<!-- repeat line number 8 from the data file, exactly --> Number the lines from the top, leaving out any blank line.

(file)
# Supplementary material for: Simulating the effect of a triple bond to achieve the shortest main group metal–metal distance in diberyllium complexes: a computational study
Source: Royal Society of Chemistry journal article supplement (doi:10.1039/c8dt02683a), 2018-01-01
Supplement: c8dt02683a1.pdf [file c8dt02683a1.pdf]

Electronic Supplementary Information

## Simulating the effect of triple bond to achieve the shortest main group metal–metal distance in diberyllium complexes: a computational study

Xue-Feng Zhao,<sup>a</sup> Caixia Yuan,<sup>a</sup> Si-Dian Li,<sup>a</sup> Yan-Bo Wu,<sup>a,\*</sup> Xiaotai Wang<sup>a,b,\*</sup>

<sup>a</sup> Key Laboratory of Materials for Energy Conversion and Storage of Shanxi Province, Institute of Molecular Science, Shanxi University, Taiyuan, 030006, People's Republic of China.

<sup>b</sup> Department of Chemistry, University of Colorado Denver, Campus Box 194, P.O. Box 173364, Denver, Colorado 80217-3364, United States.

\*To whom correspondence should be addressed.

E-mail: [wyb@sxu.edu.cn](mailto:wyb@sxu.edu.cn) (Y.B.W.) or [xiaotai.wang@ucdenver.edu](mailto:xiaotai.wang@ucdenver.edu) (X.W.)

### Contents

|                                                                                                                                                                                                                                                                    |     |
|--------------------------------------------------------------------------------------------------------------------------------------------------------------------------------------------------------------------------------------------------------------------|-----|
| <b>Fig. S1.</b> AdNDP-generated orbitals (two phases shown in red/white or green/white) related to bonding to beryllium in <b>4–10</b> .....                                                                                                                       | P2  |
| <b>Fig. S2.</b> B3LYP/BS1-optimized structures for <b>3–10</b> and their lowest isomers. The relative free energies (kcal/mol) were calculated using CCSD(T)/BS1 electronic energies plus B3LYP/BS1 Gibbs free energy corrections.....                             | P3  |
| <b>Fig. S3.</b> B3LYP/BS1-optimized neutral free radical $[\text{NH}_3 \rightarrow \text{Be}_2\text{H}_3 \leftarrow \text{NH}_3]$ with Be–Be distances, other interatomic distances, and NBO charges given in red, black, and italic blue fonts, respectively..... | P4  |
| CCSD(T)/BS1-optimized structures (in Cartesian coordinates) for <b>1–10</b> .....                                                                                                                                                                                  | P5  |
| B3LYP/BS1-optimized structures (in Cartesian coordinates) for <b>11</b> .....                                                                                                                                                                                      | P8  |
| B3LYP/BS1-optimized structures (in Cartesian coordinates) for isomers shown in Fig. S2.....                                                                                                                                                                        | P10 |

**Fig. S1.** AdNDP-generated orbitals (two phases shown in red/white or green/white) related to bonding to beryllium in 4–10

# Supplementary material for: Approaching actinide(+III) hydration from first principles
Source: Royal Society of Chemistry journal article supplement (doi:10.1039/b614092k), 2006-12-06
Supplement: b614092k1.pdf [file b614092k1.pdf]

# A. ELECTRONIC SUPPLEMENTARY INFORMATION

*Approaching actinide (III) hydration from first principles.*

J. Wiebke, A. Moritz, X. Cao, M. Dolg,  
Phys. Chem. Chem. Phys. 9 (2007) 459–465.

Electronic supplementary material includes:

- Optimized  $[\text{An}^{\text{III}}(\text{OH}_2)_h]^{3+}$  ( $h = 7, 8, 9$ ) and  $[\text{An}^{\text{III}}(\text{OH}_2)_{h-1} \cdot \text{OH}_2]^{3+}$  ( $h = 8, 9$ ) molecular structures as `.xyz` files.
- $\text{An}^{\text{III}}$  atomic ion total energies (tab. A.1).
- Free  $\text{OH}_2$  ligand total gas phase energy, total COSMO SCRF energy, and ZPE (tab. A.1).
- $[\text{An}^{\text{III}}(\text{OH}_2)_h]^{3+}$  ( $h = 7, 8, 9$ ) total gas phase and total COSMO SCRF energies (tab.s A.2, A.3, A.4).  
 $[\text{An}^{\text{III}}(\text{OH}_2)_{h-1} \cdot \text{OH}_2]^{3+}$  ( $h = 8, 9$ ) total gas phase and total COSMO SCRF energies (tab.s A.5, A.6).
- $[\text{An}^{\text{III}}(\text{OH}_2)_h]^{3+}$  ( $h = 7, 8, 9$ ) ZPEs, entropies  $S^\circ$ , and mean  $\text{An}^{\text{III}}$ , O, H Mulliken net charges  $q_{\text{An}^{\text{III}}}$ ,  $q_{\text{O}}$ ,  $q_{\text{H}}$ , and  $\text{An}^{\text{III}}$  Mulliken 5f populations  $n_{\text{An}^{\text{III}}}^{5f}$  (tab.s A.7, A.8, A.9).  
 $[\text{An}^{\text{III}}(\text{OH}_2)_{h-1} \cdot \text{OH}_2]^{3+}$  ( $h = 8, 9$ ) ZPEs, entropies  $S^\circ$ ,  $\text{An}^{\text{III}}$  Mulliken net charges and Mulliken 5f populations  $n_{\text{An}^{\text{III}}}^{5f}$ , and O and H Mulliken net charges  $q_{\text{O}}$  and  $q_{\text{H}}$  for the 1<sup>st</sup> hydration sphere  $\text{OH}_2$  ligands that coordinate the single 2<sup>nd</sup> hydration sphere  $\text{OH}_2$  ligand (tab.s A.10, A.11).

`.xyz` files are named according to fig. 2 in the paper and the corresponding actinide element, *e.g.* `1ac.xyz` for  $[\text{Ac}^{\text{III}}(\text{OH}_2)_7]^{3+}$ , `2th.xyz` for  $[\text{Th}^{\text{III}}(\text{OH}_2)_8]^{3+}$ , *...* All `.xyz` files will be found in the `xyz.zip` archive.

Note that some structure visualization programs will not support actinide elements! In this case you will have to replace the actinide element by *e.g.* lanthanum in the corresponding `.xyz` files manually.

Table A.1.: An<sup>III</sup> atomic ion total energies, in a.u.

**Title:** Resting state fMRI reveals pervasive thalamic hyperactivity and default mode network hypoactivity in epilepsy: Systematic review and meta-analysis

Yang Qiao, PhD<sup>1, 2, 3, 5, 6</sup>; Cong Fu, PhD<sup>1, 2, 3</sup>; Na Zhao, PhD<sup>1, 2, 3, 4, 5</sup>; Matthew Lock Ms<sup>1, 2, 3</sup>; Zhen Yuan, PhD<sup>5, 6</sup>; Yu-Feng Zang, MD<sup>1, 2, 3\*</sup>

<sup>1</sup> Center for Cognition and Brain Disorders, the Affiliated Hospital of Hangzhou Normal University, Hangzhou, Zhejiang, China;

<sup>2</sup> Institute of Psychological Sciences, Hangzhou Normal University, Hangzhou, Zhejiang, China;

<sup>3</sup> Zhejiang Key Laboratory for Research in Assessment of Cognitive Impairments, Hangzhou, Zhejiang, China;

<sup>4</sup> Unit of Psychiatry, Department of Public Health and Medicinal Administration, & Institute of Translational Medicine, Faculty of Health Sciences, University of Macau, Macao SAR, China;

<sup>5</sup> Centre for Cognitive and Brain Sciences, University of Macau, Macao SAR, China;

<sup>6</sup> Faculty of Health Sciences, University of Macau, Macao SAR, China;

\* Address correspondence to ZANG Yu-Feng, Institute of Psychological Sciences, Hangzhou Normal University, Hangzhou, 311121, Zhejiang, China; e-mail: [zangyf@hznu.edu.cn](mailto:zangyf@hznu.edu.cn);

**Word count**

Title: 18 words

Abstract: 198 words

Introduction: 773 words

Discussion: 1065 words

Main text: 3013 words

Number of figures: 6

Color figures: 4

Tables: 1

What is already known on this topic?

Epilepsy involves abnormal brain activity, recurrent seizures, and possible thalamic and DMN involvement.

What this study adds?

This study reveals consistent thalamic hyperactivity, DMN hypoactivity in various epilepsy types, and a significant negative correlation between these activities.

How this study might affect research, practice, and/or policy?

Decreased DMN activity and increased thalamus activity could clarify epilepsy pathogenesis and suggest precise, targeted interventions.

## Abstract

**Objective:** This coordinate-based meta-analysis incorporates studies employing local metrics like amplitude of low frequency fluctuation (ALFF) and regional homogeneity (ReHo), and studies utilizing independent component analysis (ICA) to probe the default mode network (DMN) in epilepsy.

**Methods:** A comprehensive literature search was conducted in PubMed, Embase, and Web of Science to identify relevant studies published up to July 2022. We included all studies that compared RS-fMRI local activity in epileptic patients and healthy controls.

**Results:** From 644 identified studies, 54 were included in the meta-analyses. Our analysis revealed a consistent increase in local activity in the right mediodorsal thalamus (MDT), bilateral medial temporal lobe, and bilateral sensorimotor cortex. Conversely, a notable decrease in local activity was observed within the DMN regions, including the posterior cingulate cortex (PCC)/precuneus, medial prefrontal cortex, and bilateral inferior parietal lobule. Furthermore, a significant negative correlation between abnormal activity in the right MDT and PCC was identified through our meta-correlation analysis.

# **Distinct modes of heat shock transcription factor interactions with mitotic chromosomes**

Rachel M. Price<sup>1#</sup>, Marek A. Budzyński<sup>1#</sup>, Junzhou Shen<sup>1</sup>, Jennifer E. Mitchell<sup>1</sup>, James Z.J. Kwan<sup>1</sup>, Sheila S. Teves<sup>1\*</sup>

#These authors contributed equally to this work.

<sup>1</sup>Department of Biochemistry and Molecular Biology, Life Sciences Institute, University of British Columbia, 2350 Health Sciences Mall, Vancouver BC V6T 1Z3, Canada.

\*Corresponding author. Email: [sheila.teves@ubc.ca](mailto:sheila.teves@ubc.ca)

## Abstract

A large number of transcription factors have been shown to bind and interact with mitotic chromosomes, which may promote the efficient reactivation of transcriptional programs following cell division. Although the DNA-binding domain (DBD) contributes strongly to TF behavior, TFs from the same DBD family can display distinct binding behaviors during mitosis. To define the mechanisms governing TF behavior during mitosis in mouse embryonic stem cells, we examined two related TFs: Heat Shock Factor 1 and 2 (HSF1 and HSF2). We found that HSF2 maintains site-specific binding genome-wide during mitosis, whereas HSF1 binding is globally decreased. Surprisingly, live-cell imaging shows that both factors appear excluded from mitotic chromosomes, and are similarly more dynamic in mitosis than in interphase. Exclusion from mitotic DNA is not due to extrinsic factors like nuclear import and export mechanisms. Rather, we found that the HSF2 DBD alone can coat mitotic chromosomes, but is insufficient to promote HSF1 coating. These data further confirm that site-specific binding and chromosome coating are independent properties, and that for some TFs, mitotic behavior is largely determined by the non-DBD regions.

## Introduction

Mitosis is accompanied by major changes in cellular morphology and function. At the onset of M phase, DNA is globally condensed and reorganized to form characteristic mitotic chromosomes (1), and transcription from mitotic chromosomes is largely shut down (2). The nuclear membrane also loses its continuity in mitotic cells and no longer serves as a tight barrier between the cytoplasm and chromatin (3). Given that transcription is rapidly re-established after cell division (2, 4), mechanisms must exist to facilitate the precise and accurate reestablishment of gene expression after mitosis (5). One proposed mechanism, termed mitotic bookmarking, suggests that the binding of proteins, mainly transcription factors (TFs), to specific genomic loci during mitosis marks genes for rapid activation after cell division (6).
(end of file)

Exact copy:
<sup>b</sup> Department of Chemistry, University of Colorado Denver, Campus Box 194, P.O. Box 173364, Denver, Colorado 80217-3364, United States.